CONAN: Mm-hmm.

Mr. KRUGHOFF: At Checkbook magazine and, we spend a lot of time and a lot of effort in strategizing to make sure that the firms can't be the ones who do the reviewing. We really want to count on consumers to do the reviewing. And for us, a big deal is having an adequate sample size. So, you know, one comment, two comments, five comments, I wouldn't, you know, I wouldn't make any decision on an auto repair shop or a plumber based on that.

We won't even publish comments on our Web site or in our magazine unless we have at least 10 ratings of that firm.

CONAN: And do you give out, you know, stars for - you know, Joe's Repair Shop got four bad reviews and 10 good ones, we'll give it three stars?

Mr. KRUGHOFF: Yeah. We will give checkmarks to the firms that get the highest percentage of favorable ratings. And we're trying to distinguish along the whole continuum - from the very best to the, you know, ones that are OK to the ones that are not particularly good to the terrible ones. And we want people to be able to sort those out to save themselves a lot of trouble, a lot of hassle, and a lot of time.

CONAN: Mm-hmm. Let's see if we can get another caller on the line. This is Jonathan - Jonathan with us from Portland, Oregon.

JONATHAN (Caller): Hi.


JONATHAN: Thank you for taking my call.

CONAN: Sure.

JONATHAN: I think it brings up an interesting point that we live in an era where reviews can now be interactive, between consumers themselves and between the consumers and the product producers or the artist-creator.

CONAN: And our guest - in a way, Robert Krughoff, that's what you're doing, because consumers get together and they sort of collectively make a decision.

Mr. KRUGHOFF: Yeah. The idea is to do that and, of course, we've been doing this for 30 years in a print magazine - Checkbook magazine - where we proactively survey our own subscribers and also Consumer Reports magazine subscribers and get their ratings from consumers. And, you know, that's an important thing. It's a little easier to do online.

But we tend to try and do it proactively, where we send out questionnaires and we send out e-mails to our subscribers and to Consumer Reports subscribers, getting them to provide the ratings. Because one of the things we really worry about is having that Web site sitting there where people can just go and stuff the ballot box, basically.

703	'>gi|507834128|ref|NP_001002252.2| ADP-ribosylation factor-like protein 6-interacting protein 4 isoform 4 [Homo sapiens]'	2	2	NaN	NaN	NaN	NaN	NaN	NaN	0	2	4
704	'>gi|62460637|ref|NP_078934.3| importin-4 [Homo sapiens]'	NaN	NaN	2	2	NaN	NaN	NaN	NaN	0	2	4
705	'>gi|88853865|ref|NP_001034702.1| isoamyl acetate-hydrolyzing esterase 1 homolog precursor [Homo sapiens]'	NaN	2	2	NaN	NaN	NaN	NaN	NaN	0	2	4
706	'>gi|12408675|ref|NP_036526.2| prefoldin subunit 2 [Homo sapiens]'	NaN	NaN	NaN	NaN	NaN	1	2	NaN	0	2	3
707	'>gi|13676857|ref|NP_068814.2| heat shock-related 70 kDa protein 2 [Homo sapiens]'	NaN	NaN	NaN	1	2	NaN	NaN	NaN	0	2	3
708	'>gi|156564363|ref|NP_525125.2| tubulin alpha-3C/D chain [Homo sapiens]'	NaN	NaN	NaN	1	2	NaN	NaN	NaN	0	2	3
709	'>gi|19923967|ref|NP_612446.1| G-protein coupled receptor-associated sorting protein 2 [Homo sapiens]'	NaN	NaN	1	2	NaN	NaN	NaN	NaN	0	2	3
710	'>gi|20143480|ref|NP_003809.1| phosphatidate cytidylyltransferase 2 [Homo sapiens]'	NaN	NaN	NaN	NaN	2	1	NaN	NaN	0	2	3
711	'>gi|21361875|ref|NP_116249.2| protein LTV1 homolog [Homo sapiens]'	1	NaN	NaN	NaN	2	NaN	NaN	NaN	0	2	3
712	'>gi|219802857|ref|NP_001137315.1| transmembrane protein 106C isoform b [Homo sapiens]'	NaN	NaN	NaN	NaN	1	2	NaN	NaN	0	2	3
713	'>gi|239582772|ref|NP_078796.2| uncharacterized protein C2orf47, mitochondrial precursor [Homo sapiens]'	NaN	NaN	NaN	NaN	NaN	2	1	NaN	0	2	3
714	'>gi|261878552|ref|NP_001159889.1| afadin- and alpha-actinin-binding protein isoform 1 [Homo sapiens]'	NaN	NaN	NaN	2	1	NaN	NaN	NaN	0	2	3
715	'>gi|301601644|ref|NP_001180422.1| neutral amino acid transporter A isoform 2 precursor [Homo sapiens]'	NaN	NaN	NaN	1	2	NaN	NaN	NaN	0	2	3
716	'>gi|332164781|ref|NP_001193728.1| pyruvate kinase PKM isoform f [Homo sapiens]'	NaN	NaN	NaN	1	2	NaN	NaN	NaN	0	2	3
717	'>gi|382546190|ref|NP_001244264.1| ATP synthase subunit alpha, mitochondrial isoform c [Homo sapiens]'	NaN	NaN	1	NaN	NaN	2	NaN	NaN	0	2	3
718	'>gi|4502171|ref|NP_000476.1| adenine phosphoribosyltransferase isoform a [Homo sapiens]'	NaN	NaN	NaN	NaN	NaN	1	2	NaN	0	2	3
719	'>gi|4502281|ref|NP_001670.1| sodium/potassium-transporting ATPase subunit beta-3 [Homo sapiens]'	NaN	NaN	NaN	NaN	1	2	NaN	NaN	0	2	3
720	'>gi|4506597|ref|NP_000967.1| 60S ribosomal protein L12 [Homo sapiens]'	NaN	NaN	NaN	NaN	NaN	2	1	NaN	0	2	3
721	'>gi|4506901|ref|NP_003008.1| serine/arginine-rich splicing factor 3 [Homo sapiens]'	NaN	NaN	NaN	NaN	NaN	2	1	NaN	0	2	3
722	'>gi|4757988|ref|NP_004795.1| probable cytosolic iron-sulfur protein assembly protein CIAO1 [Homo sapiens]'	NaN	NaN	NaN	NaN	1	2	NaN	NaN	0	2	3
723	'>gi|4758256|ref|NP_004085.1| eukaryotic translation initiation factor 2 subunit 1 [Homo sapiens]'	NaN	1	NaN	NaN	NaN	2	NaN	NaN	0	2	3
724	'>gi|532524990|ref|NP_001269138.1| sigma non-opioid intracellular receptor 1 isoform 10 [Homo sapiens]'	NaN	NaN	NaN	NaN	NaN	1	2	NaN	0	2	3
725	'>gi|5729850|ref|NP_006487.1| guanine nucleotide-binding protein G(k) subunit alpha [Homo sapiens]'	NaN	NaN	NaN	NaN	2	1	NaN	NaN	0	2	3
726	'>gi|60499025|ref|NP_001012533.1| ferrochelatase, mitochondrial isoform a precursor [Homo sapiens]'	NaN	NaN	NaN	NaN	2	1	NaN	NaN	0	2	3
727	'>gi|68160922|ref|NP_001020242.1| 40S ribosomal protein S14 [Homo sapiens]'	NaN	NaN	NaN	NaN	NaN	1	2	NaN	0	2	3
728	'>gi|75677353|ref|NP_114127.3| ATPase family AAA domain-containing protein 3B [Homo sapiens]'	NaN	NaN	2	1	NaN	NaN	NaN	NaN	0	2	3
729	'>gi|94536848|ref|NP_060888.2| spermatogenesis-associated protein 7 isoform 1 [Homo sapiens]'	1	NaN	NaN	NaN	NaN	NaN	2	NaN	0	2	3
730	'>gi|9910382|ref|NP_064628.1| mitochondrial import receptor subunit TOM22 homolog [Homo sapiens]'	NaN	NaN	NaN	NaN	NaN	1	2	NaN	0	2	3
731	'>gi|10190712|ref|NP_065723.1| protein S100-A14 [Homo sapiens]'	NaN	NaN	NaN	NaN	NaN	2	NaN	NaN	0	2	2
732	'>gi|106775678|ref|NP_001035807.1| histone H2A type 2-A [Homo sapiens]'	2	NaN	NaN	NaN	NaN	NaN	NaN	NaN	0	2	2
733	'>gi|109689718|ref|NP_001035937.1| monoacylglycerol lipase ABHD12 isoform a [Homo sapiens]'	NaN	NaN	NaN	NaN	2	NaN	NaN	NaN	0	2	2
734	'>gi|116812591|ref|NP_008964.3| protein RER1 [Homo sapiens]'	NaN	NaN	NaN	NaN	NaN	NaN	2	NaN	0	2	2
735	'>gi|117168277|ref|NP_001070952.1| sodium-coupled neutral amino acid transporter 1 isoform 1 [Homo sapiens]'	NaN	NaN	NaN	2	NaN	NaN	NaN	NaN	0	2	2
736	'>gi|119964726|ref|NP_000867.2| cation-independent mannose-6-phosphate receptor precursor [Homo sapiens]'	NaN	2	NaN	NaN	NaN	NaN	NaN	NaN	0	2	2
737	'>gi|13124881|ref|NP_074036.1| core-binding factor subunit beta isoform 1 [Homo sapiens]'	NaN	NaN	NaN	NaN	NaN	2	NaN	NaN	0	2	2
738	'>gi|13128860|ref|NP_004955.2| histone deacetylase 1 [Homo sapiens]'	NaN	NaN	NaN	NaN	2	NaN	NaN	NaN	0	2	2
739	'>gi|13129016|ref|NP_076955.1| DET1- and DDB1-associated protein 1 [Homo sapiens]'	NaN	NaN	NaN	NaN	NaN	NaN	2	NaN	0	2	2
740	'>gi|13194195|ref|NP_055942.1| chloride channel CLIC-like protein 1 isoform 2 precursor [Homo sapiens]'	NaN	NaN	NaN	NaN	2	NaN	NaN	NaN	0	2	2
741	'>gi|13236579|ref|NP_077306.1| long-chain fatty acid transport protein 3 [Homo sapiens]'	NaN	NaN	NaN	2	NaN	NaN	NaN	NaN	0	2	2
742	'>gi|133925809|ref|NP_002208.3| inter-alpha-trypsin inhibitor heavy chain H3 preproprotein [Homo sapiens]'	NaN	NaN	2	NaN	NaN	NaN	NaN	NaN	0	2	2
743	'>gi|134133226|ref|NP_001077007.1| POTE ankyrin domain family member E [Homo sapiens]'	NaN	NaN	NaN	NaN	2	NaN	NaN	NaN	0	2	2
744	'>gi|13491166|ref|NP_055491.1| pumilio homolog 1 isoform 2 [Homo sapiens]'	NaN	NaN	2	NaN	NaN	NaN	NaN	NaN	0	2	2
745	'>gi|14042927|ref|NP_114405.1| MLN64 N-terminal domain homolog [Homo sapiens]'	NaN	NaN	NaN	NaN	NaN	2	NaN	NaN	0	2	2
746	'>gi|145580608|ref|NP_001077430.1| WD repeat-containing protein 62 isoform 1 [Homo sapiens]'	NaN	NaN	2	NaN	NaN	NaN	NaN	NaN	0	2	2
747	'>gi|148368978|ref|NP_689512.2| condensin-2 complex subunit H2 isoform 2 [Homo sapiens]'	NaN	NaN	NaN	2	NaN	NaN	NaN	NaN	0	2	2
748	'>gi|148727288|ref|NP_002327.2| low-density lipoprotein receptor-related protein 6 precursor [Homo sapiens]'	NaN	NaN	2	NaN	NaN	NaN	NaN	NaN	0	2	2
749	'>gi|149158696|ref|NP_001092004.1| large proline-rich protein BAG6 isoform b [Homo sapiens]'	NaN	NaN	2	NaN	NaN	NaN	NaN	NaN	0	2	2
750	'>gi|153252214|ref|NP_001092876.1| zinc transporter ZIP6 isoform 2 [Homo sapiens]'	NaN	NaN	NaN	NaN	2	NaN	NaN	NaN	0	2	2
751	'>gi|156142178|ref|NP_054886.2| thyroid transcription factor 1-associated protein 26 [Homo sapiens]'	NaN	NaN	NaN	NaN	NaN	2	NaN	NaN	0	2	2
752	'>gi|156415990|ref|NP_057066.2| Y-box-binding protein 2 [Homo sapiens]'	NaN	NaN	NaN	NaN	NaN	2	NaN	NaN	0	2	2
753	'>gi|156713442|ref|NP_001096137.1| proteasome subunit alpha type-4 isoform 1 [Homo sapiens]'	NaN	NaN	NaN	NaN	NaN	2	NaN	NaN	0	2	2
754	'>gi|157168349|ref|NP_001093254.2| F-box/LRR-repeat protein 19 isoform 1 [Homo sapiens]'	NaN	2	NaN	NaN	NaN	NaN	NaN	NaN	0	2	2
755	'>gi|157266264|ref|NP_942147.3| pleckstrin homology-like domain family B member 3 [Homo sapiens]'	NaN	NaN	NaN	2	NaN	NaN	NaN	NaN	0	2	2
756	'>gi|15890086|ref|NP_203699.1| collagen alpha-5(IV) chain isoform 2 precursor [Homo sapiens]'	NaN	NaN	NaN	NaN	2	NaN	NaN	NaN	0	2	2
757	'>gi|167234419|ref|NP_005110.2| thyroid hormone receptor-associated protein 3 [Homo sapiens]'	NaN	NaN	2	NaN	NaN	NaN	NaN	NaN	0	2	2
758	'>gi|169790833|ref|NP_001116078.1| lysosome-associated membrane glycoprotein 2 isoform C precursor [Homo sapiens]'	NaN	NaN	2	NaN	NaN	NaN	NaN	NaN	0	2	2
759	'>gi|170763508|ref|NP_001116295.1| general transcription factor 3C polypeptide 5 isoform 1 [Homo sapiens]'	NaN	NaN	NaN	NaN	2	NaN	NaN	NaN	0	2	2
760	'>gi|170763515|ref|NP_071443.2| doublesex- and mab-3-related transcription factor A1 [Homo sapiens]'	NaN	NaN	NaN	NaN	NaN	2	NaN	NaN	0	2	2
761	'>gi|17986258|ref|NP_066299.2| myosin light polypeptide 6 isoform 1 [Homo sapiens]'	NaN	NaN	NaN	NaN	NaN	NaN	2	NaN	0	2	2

CONAN: My uncle's repair shop is really, really good.

Mr. KRUGHOFF: Right. Some of this advice you were hearing earlier, you know, is, you know, ways to do that. And we take a lot of measures to prevent that from happening. One is we know who the raters are. We know, you know, we're only going to let them give one rating, and we're not going to let them give a rating to their competitor if they give a rating to themselves, etc., etc.

CONAN: Mm-hmm. I guess, Nancy Miller, I guess what Jonathan - our caller from Portland, Oregon - is talking about is what people refer to as the democratization of criticism.

Ms. NANCY MILLER (Senior editor, Wired magazine): That's right. It's a peer-to-peer thing. Now everyone can express the way that they feel about a product. And one of the - the good side of a bad review - as the guy mentioned with the motorcycle bike shop - is that bad reviews exist for a reason.

Sometimes something isn't working properly, and that community can get together and it creates and environment where you are useful. You can now have a little community that shares information on how to find the best of something and to be aware of the worst of something.

I think the examples of the unfair reviews, obviously, there are sort of nut jobs out there writing crazy reviews. But for the most part, I think, there is an integrity, the desire to want to share something that's good and to warn people of what's bad. I think that there is…

JONATHAN: So I think now that online reviews provide an interactive environment where people can post immediately and say I had problems with this product. And then the next reviewer can say I had similar problems…

Ms. MILLER: That's right.

JONATHAN: …or here's how you fix that problem.

Ms. MILLER: And the manufacturer can say that, too.

CONAN: All right. Jonathan, thanks very much for the call.

And Nancy Miller, thank you for your time today.

Ms. MILLER: Thank you.

CONAN: Nancy Miller, a senior editor with Wired magazine. Robert Krughoff, thank you for joining us here in Studio 3A.

Mr. KRUGHOFF: Thanks for having me.

CONAN: And he is Consumer Checkbook's president and founder.

More after a break. This is NPR News.